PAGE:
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Badgeworth Nature Reserve Glos WLT

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Liz Heard View Drop Down
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    Posted: 12 Jul 2019 at 5:37pm
Hi folks

I was recently given permission (thanks Ellen) to visit what used to be - prior to a modest expansion - the world's smallest nature reserve. Normally closed to the public, 80% of the site was a shallow pond which, in addition to boasting all 3 newt species, is home to the very rare (only 2 UK sites, both in Glos) Adder's-tongue Spearwort Ranunculus ophioglossifolius.
This plant is a poor competitor and has very specific needs in terms of seasonal draw-down levels and suppression of competition (a requirement traditionally met by the trampling of hoofed mammals).

The species differs from the similar Lesser Spearwort by bearing heart-shaped lower leaves and slightly smaller flowers with petals that do not overlap.

I've no idea how it got it's common name. As far as i can see, no part of the plant bears any resemblance to an adder's tongue!

   





Over the fence in the adjacent field i spotted a Crack Willow tree playing host to Giant Polypore fungus Meripilus giganteus. The name is justified as this species can grow up to nearly 2 metres!



Cheers
Ben
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chubsta View Drop Down
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Post Options Post Options   Thanks (0) Thanks(0)   Quote chubsta Quote  Post ReplyReply Direct Link To This Post Posted: 14 Jul 2019 at 9:45pm
I have often wondered how you end up with such small populations of an organism, are they remnants of a far more widespread population that has died out or are they the result of a chance visit by something like a bird etc that has a seed stuck to it and which happens to land in the one place where it can survive?
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Liz Heard View Drop Down
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Post Options Post Options   Thanks (0) Thanks(0)   Quote Liz Heard Quote  Post ReplyReply Direct Link To This Post Posted: 17 Jul 2019 at 5:57pm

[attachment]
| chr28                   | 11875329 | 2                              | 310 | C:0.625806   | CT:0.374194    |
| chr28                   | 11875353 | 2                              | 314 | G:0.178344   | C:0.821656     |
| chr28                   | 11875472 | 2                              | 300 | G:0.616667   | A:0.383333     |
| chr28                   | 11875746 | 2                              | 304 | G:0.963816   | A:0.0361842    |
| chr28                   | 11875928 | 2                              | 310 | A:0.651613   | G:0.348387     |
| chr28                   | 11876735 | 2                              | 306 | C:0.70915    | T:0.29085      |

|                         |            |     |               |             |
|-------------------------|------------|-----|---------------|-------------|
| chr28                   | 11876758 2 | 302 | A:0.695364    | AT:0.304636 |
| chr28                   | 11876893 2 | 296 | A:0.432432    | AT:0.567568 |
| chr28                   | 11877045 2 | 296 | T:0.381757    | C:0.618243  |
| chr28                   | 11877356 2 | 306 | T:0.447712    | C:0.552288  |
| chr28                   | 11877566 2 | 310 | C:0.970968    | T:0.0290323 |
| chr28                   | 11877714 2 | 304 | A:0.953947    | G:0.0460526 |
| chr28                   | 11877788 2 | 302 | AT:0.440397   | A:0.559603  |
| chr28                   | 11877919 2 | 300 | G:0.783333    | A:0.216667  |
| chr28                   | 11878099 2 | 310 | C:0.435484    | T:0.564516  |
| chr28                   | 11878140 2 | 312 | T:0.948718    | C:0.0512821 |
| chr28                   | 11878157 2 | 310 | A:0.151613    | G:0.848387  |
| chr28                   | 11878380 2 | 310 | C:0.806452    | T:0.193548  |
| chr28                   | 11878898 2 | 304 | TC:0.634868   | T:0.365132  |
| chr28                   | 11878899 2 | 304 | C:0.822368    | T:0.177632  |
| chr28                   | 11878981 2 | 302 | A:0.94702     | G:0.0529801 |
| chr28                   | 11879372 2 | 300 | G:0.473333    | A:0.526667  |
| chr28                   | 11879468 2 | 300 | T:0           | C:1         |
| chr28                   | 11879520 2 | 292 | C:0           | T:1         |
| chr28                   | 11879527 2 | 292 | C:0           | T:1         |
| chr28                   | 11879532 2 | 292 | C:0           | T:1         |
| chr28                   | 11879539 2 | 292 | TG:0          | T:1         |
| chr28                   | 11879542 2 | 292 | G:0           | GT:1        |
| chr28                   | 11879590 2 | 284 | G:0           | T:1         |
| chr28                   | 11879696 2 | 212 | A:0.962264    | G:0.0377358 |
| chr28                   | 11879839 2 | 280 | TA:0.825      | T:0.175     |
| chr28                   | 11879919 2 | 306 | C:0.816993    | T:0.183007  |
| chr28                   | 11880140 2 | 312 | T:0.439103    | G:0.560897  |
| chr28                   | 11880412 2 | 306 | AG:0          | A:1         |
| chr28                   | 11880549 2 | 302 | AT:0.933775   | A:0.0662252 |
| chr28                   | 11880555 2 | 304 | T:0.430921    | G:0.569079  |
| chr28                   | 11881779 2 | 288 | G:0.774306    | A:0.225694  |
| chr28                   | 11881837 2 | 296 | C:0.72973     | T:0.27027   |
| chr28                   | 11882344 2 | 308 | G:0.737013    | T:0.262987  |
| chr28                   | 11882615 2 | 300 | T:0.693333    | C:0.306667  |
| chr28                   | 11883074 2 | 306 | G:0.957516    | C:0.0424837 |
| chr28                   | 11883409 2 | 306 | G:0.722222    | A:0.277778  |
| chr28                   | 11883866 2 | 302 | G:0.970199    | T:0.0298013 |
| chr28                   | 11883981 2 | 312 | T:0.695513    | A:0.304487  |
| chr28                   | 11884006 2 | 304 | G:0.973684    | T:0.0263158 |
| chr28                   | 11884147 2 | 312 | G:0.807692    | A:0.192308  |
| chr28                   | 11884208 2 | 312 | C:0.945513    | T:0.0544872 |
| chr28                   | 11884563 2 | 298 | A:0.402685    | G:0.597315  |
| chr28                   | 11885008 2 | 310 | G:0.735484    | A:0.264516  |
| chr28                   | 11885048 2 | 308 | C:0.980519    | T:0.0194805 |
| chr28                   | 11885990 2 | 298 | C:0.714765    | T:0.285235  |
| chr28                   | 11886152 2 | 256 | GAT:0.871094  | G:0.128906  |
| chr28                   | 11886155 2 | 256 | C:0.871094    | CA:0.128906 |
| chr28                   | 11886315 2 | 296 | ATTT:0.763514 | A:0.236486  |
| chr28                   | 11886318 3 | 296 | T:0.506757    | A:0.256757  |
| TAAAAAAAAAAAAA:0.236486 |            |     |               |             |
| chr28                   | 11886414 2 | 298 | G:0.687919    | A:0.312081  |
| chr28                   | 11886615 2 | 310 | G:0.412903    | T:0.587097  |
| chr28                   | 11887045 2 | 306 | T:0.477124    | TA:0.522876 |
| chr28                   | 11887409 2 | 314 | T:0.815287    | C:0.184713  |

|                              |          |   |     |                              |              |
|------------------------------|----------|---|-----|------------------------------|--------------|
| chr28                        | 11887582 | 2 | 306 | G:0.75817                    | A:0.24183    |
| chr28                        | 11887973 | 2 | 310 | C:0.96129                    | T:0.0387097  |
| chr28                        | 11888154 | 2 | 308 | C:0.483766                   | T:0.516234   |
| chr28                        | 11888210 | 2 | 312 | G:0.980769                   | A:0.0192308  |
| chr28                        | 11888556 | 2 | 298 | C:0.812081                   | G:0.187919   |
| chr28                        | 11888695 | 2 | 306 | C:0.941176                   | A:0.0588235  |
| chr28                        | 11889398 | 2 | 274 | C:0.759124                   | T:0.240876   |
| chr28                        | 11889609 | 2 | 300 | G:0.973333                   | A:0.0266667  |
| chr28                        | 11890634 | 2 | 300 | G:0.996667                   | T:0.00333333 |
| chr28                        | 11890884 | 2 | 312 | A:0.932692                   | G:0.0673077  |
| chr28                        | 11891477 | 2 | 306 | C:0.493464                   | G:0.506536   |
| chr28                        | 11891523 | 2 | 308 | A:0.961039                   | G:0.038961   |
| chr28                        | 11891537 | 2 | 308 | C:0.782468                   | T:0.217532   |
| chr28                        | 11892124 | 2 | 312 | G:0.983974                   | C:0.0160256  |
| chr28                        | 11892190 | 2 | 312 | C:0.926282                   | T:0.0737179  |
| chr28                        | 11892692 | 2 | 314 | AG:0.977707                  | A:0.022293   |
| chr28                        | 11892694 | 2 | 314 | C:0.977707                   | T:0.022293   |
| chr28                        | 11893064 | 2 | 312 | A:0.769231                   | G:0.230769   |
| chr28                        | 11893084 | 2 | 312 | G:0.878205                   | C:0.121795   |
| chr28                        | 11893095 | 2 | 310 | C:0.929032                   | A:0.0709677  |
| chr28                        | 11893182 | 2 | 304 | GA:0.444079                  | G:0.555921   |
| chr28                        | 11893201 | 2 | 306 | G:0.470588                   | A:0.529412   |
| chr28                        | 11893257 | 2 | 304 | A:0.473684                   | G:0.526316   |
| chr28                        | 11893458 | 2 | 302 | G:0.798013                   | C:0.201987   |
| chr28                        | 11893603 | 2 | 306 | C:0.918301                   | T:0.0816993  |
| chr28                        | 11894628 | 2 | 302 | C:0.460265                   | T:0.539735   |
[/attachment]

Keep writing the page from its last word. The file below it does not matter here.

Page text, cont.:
In this instance, similar to native herps such as lowland heath Sand Lizards and the Smooth Snake, the species is at the outer limits of it's natural range in southern England. In southern Europe, it is - as i understand it - a bit more widespread (tho' i don't know how much). So it seems conditions here have always been less than optimum and it's probably never been a common plant. The industrialisation of farming practices probably won't have done it any favours either.

I've read there's also a 19th C record for ATS in Dorset, so you never know. Worth keeping an eye out for those heart-shaped lower leaves if you're out herping down south.   

Edited by Liz Heard - 21 Jul 2019 at 12:23am
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Suzy View Drop Down
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Post Options Post Options   Thanks (0) Thanks(0)   Quote Suzy Quote  Post ReplyReply Direct Link To This Post Posted: 18 Jul 2019 at 11:47am
Might it also be under recorded? I found an estuary/river supporting a particular plant, 20 years ago, that was supposedly confined to the south of England.This was in the north of England. Unlike crawling and slithering things flowering plants can spread wider afield, as you know, but the site has to be conducive to them becoming established. 
Suz
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Liz Heard View Drop Down
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Post Options Post Options   Thanks (0) Thanks(0)   Quote Liz Heard Quote  Post ReplyReply Direct Link To This Post Posted: 18 Jul 2019 at 6:00pm
Yes, it's possible Suzi. Although from looking at BSBI records, i get the feeling that in most areas, plant recorders are pretty on the ball. Botany is popular and this is a 'fussy' species.
What was your plant?
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Suzy View Drop Down
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Post Options Post Options   Thanks (0) Thanks(0)   Quote Suzy Quote  Post ReplyReply Direct Link To This Post Posted: 18 Jul 2019 at 11:20pm
I didn't mention the plant as I can't remember the name, or even the appearance! Maybe if I can dig out my notebooks from that time I might find it. It was in the estuary of the River Wyre opposite Fleetwood, a marvellous botanising place. 
Suz
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